Nikolai Vasilyevich Gogol poet from Ukraine was born in 1809, had 43 years and died in 1852. Poems were written mainly in Russian language. Dominant movement is other.
Nikolai Vasilievich Gogol (31 March [O.S. 19 March] 1809, - 4 March [O.S. 21 February] 1852) was a Ukrainian-born Russian novelist, humourist, and dramatist.
He is considered the father of modern Russian realism. His early works, such as Evenings on a Farm Near Dikanka, were heavily influenced by his Ukrainian upbringing and identity. His more mature writing satirised the corrupt bureaucracy of the Russian Empire, leading to his exile. On his return, he immersed himself in the Orthodox Church. The novels Taras Bul'ba (1835; 1842 and Dead Souls (1842), the play The Inspector-General (1836, 1842), and the short stories Diary of a Madman, The Nose and The Overcoat (1842) are among his best known works. With their scrupulous and scathing realism, ethical criticism as well as philosophical depth, they remain some of the most important works of world literature.
Gogol was born in the Ukrainian Cossack village of Sorochyntsi, in Poltava Governorate of the Russian Empire, present-day Ukraine. His mother was a descendant of Polish nobility. His father Vasily Gogol-Yanovsky, a descendant of Ukrainian Cossacks, belonged to the petty gentry, wrote poetry in Russian and Ukrainian, and was an amateur Ukrainian-language playwright who died when Gogol was 15 years old. As was typical of the left-bank Ukrainian gentry of the early nineteenth century, the family spoke Russian as well as Ukrainian. As a child, Gogol helped stage Ukrainian-language plays in his uncle's home theater.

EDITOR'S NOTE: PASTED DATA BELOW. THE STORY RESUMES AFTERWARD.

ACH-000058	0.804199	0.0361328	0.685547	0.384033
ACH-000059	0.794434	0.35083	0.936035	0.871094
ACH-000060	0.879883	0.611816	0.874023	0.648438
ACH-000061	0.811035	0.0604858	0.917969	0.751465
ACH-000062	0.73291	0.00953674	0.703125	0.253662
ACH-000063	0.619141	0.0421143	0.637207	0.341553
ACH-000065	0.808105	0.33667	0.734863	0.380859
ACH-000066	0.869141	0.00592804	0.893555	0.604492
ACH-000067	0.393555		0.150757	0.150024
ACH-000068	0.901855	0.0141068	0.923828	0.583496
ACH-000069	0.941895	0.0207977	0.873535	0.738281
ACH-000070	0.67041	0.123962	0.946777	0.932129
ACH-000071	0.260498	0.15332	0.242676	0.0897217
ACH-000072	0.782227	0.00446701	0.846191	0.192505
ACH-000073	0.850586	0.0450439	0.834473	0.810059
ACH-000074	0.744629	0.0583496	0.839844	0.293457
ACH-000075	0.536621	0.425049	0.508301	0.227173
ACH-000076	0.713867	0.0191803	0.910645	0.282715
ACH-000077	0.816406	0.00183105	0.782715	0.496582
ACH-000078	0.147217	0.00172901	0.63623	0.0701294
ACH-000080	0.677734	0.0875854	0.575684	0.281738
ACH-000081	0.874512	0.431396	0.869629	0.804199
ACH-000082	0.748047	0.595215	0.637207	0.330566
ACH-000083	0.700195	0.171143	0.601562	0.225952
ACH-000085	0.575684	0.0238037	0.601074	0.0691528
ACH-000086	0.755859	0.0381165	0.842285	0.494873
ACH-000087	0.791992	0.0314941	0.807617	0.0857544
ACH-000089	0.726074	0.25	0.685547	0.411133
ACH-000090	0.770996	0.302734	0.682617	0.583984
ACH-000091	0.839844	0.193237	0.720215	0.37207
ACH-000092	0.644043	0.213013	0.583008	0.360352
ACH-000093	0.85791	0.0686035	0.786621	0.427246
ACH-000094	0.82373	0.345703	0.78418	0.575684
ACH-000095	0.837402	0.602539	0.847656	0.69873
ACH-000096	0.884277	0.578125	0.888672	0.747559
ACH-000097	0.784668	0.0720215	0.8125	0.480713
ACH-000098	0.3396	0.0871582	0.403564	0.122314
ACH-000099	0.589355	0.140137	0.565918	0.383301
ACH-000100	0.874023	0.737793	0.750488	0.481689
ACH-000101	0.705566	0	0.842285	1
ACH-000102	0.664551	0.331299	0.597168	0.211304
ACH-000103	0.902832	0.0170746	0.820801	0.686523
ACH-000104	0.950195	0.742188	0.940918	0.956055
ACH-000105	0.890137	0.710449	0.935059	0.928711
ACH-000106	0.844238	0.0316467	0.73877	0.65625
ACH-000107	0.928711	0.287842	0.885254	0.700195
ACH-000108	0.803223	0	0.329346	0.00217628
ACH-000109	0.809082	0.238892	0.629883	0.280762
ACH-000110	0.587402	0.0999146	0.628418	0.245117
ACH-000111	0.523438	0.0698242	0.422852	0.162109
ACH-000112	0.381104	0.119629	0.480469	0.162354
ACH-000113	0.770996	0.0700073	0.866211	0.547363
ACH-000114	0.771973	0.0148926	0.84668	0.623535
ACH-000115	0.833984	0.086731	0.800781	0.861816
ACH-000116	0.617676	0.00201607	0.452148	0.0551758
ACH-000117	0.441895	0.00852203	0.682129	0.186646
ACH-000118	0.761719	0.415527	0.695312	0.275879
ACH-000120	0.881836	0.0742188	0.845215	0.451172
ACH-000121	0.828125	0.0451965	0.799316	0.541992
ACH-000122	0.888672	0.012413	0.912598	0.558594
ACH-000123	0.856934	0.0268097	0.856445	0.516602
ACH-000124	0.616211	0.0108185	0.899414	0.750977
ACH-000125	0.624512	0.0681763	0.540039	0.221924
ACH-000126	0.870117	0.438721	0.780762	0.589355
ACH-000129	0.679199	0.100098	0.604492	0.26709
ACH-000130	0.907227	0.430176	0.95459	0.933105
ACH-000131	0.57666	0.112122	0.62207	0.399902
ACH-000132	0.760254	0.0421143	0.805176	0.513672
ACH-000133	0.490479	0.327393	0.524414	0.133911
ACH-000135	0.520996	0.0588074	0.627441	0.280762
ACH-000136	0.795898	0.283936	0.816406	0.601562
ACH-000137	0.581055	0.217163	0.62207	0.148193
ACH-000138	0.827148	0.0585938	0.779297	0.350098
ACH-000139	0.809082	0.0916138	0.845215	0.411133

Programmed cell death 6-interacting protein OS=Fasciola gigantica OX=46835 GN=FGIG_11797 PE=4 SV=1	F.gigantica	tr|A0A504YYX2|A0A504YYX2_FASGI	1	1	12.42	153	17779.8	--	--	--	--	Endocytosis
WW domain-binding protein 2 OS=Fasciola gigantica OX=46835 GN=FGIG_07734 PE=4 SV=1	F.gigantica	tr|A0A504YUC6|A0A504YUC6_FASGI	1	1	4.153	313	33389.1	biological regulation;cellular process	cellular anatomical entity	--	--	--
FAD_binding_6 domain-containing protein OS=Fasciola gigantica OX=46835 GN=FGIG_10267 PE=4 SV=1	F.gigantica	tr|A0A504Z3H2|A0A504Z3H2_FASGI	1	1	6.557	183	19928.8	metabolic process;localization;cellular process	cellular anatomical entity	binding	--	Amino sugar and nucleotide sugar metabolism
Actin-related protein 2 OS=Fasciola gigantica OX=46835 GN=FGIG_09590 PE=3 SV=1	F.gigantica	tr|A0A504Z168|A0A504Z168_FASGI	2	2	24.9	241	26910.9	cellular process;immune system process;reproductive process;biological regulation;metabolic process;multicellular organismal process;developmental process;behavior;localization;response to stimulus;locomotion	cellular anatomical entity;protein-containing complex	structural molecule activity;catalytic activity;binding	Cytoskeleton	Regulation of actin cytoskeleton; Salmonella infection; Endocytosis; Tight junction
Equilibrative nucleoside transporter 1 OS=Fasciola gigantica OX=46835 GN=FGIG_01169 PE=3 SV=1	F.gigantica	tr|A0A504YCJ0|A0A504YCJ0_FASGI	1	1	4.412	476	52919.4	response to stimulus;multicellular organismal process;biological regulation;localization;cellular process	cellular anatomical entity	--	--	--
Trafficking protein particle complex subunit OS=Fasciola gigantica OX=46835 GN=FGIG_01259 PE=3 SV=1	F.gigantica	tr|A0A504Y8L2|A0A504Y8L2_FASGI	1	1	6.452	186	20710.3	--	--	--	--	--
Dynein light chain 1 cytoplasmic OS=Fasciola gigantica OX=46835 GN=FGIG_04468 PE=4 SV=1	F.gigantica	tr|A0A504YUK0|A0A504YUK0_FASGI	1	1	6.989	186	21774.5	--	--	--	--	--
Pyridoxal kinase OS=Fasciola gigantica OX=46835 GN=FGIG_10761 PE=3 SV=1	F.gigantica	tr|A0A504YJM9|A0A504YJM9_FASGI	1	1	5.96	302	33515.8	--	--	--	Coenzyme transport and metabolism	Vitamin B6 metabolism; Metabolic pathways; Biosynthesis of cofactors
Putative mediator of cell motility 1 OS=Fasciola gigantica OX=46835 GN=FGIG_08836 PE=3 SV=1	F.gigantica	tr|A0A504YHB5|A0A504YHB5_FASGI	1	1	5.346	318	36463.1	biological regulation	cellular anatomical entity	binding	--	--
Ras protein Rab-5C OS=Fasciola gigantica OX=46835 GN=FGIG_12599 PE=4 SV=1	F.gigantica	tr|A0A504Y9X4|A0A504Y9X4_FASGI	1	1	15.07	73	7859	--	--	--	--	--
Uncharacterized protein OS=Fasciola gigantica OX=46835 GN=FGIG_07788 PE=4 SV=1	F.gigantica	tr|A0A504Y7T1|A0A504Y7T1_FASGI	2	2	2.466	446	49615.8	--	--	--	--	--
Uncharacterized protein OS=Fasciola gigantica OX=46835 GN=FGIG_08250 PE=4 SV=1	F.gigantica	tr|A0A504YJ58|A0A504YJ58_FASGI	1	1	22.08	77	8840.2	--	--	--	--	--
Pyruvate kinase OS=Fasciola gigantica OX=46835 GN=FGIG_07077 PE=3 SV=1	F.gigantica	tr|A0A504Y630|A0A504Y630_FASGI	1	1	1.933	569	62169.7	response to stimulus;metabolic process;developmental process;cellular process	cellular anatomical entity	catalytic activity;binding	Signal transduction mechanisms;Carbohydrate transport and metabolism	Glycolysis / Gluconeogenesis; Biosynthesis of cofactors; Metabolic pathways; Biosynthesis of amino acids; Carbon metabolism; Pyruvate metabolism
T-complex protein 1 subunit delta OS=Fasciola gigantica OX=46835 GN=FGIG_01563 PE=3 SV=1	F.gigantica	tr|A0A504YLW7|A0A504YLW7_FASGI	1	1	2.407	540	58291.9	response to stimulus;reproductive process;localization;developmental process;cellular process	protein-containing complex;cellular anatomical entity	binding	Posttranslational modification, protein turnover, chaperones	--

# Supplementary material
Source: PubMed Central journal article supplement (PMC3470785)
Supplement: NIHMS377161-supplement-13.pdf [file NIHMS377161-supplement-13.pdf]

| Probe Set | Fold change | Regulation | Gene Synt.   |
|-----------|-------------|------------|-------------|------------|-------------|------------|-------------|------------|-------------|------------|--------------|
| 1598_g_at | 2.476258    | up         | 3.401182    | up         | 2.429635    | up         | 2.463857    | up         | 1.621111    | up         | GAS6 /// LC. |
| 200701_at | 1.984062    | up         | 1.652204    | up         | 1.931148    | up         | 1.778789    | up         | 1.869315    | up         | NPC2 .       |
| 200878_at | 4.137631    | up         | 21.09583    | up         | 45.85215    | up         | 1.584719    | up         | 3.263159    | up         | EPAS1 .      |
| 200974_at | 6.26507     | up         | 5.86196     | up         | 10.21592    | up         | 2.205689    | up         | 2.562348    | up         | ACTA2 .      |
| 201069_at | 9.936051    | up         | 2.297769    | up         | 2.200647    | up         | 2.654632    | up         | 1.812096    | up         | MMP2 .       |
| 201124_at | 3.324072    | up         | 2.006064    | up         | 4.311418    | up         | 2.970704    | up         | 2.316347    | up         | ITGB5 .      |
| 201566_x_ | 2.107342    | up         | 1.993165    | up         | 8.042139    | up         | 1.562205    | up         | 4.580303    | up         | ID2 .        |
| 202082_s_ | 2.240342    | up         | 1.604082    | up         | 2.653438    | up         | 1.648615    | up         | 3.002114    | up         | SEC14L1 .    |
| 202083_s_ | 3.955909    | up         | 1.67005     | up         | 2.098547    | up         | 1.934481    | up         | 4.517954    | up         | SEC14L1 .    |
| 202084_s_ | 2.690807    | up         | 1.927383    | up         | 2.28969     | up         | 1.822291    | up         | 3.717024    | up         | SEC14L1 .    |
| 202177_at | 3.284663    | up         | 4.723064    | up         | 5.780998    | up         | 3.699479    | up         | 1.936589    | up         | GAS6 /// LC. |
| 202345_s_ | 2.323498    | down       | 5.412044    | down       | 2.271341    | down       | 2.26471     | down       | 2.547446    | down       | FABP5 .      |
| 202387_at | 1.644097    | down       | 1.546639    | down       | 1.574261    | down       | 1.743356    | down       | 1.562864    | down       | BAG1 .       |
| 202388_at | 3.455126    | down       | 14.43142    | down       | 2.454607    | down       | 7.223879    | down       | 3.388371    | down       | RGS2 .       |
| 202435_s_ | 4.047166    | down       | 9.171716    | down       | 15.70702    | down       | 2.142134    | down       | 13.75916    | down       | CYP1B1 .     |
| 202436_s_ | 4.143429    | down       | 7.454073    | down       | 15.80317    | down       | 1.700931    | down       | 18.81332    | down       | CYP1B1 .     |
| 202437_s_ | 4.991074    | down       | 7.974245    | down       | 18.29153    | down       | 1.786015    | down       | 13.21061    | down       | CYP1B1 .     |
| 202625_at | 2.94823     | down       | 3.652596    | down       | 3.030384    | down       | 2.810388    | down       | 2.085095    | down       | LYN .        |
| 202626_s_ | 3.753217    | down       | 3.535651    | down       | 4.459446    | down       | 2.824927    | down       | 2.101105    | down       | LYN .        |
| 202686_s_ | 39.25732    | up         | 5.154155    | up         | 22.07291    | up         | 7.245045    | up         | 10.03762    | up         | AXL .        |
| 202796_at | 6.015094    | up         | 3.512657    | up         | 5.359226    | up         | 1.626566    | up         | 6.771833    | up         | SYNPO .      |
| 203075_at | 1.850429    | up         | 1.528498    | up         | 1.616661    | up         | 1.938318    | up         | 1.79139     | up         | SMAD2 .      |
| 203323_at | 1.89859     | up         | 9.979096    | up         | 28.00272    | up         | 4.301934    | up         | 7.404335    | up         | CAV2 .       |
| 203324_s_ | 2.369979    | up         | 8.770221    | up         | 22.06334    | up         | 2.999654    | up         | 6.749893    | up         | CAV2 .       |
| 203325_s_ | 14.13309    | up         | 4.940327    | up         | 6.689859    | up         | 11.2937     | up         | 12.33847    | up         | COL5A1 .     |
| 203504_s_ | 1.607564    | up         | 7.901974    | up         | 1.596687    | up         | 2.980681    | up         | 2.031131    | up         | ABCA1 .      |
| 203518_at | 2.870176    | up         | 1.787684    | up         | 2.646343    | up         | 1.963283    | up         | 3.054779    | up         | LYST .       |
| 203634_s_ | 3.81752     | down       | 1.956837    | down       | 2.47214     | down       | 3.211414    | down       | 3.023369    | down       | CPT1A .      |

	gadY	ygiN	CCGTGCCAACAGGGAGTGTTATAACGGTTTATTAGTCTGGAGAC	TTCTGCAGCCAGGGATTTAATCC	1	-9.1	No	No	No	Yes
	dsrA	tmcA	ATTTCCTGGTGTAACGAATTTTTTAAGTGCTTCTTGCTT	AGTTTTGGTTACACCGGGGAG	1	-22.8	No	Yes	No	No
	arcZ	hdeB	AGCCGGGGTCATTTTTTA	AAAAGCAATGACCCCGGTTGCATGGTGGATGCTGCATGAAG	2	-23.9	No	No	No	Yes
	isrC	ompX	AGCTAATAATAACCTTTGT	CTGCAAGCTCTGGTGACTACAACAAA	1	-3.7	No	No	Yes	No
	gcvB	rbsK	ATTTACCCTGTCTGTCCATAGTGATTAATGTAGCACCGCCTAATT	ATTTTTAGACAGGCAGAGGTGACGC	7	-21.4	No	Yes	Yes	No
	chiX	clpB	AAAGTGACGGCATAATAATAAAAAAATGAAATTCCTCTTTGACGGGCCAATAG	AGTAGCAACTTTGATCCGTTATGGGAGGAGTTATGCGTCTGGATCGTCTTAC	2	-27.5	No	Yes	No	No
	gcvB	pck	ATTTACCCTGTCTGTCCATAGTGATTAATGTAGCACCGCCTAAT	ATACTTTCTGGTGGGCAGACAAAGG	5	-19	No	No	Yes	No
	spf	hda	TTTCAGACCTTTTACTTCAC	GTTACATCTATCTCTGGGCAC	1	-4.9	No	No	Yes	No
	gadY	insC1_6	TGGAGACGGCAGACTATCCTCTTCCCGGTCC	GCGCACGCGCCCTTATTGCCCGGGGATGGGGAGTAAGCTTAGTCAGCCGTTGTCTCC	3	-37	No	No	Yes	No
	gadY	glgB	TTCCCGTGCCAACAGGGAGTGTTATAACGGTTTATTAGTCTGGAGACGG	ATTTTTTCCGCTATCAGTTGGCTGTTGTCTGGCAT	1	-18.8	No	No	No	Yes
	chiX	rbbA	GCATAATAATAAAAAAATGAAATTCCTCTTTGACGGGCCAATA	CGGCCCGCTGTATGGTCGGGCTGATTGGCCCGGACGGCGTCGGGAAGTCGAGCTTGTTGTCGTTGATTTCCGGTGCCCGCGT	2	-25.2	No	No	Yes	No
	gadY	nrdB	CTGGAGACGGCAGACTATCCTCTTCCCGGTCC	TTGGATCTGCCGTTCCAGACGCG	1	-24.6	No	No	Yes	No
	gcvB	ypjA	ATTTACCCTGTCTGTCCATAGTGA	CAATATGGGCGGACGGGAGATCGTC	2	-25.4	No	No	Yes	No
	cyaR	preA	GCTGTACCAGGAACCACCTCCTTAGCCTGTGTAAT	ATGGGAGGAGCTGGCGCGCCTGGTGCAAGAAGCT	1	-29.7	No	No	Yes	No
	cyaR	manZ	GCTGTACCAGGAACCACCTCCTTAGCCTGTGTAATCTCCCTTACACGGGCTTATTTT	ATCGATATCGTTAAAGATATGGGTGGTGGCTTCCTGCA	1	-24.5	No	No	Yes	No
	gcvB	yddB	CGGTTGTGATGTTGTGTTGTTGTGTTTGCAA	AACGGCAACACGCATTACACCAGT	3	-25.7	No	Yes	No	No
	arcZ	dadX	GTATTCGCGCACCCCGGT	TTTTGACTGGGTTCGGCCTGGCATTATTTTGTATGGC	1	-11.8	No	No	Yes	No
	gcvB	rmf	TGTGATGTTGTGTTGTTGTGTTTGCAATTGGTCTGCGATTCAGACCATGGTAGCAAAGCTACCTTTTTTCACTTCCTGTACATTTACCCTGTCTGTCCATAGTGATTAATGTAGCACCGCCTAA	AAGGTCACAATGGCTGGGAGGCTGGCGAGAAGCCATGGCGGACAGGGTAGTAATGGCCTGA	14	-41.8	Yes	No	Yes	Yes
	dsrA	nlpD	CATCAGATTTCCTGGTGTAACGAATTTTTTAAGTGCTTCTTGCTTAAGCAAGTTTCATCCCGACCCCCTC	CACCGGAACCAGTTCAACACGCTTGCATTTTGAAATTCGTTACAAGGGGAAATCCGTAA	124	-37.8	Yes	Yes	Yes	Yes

In 1820 Gogol went to a school of higher art in Nizhyn and remained there until 1828. It was there that he began writing. He was not very popular among his schoolmates, who called him their "mysterious dwarf", but with two or three of them he formed lasting friendships. Very early he developed a dark and secretive disposition, marked by a painful self-consciousness and boundless ambition. Equally early he developed an extraordinary talent for mimicry which later on made him a matchless reader of his own works and induced him to toy with the idea of becoming an actor.
In 1828, on leaving school, Gogol came to Petersburg, full of vague but glowingly ambitious hopes. He had hoped for literary fame and brought with him a Romantic poem of German idyllic life ? Ganz Küchelgarten. He had it published, at his own expense, under the name of "V. Alov." The magazines he sent it to almost universally derided it. He bought all the copies and destroyed them, swearing never to write poetry again.
Gogol was one of the first masters of the short story, alongside Alexander Pushkin, Prosper Mérimée, E. T. A. Hoffmann, and Nathaniel Hawthorne. He was in touch with the "literary aristocracy", had a story published in Anton Delvig's Northern Flowers, was taken up by Vasily Zhukovsky and Pyotr Pletnyov, and (in 1831) was introduced to Pushkin. ..